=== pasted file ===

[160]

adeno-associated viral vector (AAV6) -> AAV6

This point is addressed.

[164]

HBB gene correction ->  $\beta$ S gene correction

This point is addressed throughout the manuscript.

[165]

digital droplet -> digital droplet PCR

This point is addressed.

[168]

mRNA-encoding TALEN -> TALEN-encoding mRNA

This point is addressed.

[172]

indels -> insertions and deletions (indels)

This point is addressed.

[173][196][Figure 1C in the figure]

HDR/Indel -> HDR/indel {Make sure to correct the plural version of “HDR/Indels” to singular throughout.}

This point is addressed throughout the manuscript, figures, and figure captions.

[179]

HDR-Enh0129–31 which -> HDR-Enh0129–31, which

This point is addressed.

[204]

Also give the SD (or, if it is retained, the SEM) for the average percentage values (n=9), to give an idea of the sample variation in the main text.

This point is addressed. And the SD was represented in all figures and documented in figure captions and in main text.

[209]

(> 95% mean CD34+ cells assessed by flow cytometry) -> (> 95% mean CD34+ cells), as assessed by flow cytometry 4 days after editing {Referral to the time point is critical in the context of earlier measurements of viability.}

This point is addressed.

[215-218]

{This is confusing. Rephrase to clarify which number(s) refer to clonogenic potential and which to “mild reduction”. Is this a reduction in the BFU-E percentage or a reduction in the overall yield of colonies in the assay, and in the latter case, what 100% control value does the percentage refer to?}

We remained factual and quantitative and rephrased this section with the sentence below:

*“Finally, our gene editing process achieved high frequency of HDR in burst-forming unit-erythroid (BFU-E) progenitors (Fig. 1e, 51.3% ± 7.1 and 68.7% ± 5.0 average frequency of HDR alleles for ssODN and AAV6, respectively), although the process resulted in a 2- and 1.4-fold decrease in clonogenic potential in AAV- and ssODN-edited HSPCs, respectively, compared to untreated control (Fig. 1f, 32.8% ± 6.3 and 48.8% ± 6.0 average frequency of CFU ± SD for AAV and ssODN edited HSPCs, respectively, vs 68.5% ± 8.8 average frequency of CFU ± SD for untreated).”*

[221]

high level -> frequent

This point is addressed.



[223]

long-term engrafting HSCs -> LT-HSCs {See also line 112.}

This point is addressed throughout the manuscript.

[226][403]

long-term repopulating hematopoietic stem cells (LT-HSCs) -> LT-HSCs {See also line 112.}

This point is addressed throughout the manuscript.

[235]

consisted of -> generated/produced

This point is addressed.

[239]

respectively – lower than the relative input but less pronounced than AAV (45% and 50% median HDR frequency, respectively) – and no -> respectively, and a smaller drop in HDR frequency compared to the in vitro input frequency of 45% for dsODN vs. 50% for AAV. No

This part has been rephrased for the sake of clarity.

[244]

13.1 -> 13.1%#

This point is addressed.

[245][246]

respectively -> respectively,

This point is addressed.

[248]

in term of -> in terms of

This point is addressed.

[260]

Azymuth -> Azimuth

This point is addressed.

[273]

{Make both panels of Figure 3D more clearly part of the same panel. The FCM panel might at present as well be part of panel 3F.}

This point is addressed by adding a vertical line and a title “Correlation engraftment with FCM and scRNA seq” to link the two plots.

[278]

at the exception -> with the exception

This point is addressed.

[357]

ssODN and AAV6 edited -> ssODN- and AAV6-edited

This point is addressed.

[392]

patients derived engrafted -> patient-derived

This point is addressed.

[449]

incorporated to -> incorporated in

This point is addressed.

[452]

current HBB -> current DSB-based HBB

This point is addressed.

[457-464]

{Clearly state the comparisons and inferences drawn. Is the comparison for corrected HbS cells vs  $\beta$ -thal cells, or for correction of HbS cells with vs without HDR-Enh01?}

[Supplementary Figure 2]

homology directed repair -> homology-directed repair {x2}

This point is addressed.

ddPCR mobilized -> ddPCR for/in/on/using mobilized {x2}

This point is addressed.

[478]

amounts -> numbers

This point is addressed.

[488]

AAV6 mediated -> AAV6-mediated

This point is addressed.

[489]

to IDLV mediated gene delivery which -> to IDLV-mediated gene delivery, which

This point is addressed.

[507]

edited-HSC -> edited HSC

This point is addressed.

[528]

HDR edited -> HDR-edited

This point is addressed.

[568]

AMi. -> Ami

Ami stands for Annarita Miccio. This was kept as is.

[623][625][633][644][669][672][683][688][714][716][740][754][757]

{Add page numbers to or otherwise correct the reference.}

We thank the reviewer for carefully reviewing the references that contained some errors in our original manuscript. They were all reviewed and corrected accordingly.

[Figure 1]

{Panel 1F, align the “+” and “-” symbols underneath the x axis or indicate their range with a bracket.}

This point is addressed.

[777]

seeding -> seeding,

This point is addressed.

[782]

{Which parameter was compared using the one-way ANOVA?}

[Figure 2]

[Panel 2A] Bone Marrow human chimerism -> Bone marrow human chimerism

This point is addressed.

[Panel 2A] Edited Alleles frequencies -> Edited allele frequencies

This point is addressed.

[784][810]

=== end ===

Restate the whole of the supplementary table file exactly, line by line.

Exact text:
[160]

adeno-associated viral vector (AAV6) -> AAV6

This point is addressed.

[164]

HBB gene correction ->  $\beta$ S gene correction

This point is addressed throughout the manuscript.

[165]

digital droplet -> digital droplet PCR

This point is addressed.

[168]

mRNA-encoding TALEN -> TALEN-encoding mRNA

This point is addressed.

[172]

indels -> insertions and deletions (indels)

This point is addressed.

[173][196][Figure 1C in the figure]

HDR/Indel -> HDR/indel {Make sure to correct the plural version of “HDR/Indels” to singular throughout.}

This point is addressed throughout the manuscript, figures, and figure captions.

[179]

HDR-Enh0129–31 which -> HDR-Enh0129–31, which

This point is addressed.

[204]

Also give the SD (or, if it is retained, the SEM) for the average percentage values (n=9), to give an idea of the sample variation in the main text.

This point is addressed. And the SD was represented in all figures and documented in figure captions and in main text.

[209]

(> 95% mean CD34+ cells assessed by flow cytometry) -> (> 95% mean CD34+ cells), as assessed by flow cytometry 4 days after editing {Referral to the time point is critical in the context of earlier measurements of viability.}

This point is addressed.

[215-218]

{This is confusing. Rephrase to clarify which number(s) refer to clonogenic potential and which to “mild reduction”. Is this a reduction in the BFU-E percentage or a reduction in the overall yield of colonies in the assay, and in the latter case, what 100% control value does the percentage refer to?}

We remained factual and quantitative and rephrased this section with the sentence below:

*“Finally, our gene editing process achieved high frequency of HDR in burst-forming unit-erythroid (BFU-E) progenitors (Fig. 1e, 51.3% ± 7.1 and 68.7% ± 5.0 average frequency of HDR alleles for ssODN and AAV6, respectively), although the process resulted in a 2- and 1.4-fold decrease in clonogenic potential in AAV- and ssODN-edited HSPCs, respectively, compared to untreated control (Fig. 1f, 32.8% ± 6.3 and 48.8% ± 6.0 average frequency of CFU ± SD for AAV and ssODN edited HSPCs, respectively, vs 68.5% ± 8.8 average frequency of CFU ± SD for untreated).”*

[221]

high level -> frequent

This point is addressed.



[223]

long-term engrafting HSCs -> LT-HSCs {See also line 112.}

This point is addressed throughout the manuscript.

[226][403]

long-term repopulating hematopoietic stem cells (LT-HSCs) -> LT-HSCs {See also line 112.}

This point is addressed throughout the manuscript.

[235]

consisted of -> generated/produced

This point is addressed.

[239]

respectively – lower than the relative input but less pronounced than AAV (45% and 50% median HDR frequency, respectively) – and no -> respectively, and a smaller drop in HDR frequency compared to the in vitro input frequency of 45% for dsODN vs. 50% for AAV. No

This part has been rephrased for the sake of clarity.

[244]

13.1 -> 13.1%#

This point is addressed.

[245][246]

respectively -> respectively,

This point is addressed.

[248]

in term of -> in terms of

This point is addressed.

[260]

Azymuth -> Azimuth

This point is addressed.

[273]

{Make both panels of Figure 3D more clearly part of the same panel. The FCM panel might at present as well be part of panel 3F.}

This point is addressed by adding a vertical line and a title “Correlation engraftment with FCM and scRNA seq” to link the two plots.

[278]

at the exception -> with the exception

This point is addressed.

[357]

ssODN and AAV6 edited -> ssODN- and AAV6-edited

This point is addressed.

[392]

patients derived engrafted -> patient-derived

This point is addressed.

[449]

incorporated to -> incorporated in

This point is addressed.

[452]

current HBB -> current DSB-based HBB

This point is addressed.

[457-464]

{Clearly state the comparisons and inferences drawn. Is the comparison for corrected HbS cells vs  $\beta$ -thal cells, or for correction of HbS cells with vs without HDR-Enh01?}

[Supplementary Figure 2]

homology directed repair -> homology-directed repair {x2}

This point is addressed.

ddPCR mobilized -> ddPCR for/in/on/using mobilized {x2}

This point is addressed.

[478]

amounts -> numbers

This point is addressed.

[488]

AAV6 mediated -> AAV6-mediated

This point is addressed.

[489]

to IDLV mediated gene delivery which -> to IDLV-mediated gene delivery, which

This point is addressed.

[507]

edited-HSC -> edited HSC

This point is addressed.

[528]

HDR edited -> HDR-edited

This point is addressed.

[568]

AMi. -> Ami

Ami stands for Annarita Miccio. This was kept as is.

[623][625][633][644][669][672][683][688][714][716][740][754][757]

{Add page numbers to or otherwise correct the reference.}

We thank the reviewer for carefully reviewing the references that contained some errors in our original manuscript. They were all reviewed and corrected accordingly.

[Figure 1]

{Panel 1F, align the “+” and “-” symbols underneath the x axis or indicate their range with a bracket.}

This point is addressed.

[777]

seeding -> seeding,

This point is addressed.

[782]

{Which parameter was compared using the one-way ANOVA?}

[Figure 2]

[Panel 2A] Bone Marrow human chimerism -> Bone marrow human chimerism

This point is addressed.

[Panel 2A] Edited Alleles frequencies -> Edited allele frequencies

This point is addressed.

[784][810]